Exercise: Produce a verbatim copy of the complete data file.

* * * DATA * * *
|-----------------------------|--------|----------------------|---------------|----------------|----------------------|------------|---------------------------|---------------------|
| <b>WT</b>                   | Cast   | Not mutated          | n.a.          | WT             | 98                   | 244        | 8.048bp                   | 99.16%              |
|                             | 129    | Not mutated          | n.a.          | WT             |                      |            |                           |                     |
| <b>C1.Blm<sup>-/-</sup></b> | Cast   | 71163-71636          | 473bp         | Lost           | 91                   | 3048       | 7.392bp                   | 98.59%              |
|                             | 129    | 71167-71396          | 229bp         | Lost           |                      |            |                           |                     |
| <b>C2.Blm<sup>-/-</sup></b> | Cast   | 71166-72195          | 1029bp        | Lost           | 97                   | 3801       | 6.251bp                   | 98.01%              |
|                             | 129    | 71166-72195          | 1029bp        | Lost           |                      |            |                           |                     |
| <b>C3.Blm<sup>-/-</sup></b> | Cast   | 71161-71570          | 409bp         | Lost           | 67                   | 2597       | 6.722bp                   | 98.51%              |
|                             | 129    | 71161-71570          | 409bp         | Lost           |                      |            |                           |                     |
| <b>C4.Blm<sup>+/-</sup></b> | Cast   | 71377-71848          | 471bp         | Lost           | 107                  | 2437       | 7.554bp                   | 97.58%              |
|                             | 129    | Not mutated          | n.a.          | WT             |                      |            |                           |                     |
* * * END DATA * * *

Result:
|-----------------------------|--------|----------------------|---------------|----------------|----------------------|------------|---------------------------|---------------------|
| <b>WT</b>                   | Cast   | Not mutated          | n.a.          | WT             | 98                   | 244        | 8.048bp                   | 99.16%              |
|                             | 129    | Not mutated          | n.a.          | WT             |                      |            |                           |                     |
| <b>C1.Blm<sup>-/-</sup></b> | Cast   | 71163-71636          | 473bp         | Lost           | 91                   | 3048       | 7.392bp                   | 98.59%              |
|                             | 129    | 71167-71396          | 229bp         | Lost           |                      |            |                           |                     |
| <b>C2.Blm<sup>-/-</sup></b> | Cast   | 71166-72195          | 1029bp        | Lost           | 97                   | 3801       | 6.251bp                   | 98.01%              |
|                             | 129    | 71166-72195          | 1029bp        | Lost           |                      |            |                           |                     |
| <b>C3.Blm<sup>-/-</sup></b> | Cast   | 71161-71570          | 409bp         | Lost           | 67                   | 2597       | 6.722bp                   | 98.51%              |
|                             | 129    | 71161-71570          | 409bp         | Lost           |                      |            |                           |                     |
| <b>C4.Blm<sup>+/-</sup></b> | Cast   | 71377-71848          | 471bp         | Lost           | 107                  | 2437       | 7.554bp                   | 97.58%              |
|                             | 129    | Not mutated          | n.a.          | WT             |                      |            |                           |                     |